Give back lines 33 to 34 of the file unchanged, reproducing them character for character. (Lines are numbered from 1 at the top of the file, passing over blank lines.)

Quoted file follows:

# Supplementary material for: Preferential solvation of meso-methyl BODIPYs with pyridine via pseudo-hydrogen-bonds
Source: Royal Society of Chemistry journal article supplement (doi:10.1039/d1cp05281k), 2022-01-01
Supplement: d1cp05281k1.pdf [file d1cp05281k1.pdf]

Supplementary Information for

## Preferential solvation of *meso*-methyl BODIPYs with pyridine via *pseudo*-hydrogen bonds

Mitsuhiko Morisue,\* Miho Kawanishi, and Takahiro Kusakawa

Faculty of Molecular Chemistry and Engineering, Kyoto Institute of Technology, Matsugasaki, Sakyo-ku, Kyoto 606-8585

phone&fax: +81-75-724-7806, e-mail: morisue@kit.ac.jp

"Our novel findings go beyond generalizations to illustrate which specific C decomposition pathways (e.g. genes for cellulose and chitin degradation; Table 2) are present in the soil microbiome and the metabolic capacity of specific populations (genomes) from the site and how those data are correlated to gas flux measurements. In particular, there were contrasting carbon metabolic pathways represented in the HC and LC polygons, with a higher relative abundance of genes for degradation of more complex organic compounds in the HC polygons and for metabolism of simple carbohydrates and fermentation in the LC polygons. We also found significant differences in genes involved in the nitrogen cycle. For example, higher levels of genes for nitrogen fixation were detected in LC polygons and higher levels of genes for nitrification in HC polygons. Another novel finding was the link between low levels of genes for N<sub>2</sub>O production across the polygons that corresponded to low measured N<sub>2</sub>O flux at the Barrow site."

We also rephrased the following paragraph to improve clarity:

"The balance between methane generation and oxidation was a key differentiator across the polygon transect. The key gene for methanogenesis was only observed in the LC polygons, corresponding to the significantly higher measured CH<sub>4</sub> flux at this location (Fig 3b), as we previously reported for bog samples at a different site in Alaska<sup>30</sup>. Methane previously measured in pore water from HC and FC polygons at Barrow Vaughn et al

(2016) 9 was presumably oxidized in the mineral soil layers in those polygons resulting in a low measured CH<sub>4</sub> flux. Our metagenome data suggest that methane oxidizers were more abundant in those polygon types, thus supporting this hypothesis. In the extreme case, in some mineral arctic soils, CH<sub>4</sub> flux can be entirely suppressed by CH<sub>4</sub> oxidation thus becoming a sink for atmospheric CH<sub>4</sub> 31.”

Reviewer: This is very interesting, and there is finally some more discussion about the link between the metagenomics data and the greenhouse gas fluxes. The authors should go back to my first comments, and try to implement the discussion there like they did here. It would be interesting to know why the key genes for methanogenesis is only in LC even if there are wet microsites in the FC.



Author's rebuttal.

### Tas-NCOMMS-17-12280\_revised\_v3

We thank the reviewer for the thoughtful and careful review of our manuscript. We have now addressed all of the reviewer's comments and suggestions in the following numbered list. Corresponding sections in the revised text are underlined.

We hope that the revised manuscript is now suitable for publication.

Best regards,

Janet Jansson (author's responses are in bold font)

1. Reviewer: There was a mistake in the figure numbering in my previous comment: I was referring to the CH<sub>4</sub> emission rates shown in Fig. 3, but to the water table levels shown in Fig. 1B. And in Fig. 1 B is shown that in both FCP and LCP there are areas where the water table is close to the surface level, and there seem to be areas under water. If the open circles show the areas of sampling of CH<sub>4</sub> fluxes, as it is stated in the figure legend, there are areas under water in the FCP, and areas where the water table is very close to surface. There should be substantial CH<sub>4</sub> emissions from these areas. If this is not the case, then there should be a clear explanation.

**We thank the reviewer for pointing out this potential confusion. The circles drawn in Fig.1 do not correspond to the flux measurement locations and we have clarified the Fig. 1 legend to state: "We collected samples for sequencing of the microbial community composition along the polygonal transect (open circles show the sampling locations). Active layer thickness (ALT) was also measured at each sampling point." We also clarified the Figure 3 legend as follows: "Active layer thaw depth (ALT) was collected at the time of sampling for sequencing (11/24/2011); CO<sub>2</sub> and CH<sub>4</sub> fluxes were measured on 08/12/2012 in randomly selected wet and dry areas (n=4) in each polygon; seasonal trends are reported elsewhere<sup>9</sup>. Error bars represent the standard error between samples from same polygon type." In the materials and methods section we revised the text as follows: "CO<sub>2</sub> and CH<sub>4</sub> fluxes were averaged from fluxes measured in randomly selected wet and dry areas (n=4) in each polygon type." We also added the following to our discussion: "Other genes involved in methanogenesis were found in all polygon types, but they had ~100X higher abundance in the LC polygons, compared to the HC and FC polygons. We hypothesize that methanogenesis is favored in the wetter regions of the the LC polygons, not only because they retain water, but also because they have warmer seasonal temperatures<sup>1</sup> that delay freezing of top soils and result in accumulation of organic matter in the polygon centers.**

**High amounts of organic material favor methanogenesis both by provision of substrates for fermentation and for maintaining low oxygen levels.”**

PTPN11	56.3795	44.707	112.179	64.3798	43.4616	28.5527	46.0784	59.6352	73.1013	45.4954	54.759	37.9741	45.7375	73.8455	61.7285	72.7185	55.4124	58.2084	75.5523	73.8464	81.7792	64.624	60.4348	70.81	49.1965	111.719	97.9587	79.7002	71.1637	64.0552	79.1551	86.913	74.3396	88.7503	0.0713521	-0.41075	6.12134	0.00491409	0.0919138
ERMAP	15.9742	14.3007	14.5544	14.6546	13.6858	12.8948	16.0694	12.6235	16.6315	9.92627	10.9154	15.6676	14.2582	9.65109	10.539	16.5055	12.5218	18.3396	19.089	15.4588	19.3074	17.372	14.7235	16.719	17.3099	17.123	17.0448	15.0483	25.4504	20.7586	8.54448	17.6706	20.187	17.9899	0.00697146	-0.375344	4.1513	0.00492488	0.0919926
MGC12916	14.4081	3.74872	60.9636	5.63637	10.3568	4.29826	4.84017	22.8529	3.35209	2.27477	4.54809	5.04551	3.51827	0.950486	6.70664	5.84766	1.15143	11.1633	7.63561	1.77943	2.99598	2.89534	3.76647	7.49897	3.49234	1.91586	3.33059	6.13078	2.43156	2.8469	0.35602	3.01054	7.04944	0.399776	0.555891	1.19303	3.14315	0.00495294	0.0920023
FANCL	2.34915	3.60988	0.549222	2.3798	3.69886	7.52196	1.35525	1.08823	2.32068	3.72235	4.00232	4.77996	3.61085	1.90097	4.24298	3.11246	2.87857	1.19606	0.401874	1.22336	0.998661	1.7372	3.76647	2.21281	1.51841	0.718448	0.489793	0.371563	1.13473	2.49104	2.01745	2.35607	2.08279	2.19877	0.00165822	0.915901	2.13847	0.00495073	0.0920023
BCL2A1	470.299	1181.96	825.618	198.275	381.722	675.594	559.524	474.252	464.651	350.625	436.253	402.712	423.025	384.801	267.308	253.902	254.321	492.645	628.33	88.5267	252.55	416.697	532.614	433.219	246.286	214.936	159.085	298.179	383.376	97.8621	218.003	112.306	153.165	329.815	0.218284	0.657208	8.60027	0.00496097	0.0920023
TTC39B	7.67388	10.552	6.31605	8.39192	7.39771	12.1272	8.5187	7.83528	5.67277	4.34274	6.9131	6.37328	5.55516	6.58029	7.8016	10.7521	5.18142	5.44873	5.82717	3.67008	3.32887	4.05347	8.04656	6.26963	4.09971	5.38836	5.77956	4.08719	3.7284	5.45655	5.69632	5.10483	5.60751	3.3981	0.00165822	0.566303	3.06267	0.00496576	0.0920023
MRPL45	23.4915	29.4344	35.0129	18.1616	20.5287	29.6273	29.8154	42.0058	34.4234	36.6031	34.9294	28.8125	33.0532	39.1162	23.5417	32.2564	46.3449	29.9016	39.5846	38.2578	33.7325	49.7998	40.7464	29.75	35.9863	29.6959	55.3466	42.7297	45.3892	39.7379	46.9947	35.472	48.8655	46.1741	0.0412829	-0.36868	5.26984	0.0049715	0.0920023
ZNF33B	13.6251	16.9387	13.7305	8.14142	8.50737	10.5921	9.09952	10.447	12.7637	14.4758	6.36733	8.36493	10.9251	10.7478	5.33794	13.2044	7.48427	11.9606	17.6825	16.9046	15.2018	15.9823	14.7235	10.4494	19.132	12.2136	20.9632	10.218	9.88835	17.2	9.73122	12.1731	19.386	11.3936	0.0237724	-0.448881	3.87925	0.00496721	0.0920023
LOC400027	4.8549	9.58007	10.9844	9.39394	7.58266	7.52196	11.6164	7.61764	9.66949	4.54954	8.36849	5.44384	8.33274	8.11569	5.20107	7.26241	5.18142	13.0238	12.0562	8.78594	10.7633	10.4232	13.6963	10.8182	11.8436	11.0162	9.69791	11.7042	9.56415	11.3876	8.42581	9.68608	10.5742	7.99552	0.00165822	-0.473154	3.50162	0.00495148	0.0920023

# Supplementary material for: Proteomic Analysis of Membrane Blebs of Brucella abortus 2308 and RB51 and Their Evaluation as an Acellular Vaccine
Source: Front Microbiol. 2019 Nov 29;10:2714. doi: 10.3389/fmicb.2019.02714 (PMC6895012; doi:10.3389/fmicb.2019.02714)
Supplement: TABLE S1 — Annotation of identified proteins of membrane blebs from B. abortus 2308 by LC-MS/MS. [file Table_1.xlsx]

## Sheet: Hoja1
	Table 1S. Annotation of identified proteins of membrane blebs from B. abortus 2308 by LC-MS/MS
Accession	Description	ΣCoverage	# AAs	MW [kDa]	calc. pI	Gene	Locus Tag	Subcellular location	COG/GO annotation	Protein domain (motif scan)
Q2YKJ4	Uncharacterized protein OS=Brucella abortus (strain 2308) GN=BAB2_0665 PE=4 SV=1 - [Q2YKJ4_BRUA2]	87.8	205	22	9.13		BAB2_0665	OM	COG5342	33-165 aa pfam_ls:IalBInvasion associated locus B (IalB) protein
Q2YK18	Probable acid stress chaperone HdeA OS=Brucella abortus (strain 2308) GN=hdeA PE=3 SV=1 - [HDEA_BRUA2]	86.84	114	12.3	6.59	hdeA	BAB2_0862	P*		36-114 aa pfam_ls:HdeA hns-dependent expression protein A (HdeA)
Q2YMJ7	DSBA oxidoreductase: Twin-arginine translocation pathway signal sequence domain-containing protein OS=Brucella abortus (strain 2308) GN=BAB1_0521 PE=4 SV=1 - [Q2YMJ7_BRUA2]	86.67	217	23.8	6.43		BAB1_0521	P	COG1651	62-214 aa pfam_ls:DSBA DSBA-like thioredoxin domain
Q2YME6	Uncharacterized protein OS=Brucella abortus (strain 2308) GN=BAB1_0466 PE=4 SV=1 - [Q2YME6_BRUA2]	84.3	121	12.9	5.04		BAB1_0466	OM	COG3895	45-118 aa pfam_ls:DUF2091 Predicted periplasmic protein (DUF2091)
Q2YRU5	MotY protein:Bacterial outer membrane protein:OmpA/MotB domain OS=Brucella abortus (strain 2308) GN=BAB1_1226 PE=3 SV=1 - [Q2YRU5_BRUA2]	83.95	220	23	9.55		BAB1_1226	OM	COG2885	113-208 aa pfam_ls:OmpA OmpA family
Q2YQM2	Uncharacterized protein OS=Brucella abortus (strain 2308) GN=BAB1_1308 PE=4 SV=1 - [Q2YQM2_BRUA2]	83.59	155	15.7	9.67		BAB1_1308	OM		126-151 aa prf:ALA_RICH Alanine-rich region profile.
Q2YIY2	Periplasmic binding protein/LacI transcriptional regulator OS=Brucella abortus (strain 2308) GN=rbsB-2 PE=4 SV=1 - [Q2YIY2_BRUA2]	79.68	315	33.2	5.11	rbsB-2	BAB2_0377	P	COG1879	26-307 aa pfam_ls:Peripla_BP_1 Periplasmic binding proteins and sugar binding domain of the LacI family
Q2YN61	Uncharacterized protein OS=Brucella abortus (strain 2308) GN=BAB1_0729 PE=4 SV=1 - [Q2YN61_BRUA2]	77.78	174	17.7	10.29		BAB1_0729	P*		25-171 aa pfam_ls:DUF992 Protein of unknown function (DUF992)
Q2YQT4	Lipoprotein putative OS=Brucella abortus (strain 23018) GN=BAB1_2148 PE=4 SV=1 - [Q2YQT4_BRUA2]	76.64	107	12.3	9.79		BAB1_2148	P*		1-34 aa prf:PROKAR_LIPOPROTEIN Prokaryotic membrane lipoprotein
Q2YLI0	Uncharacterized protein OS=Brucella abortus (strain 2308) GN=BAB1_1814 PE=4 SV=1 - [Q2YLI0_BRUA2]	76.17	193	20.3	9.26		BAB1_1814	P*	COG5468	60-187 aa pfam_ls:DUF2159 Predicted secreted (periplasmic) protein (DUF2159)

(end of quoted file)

Source: Front Microbiol. 2019 Nov 29;10:2714. doi: 10.3389/fmicb.2019.02714 (PMC6895012; doi:10.3389/fmicb.2019.02714)
Supplement: TABLE S1 — Annotation of identified proteins of membrane blebs from B. abortus 2308 by LC-MS/MS. [file Table_1.xlsx]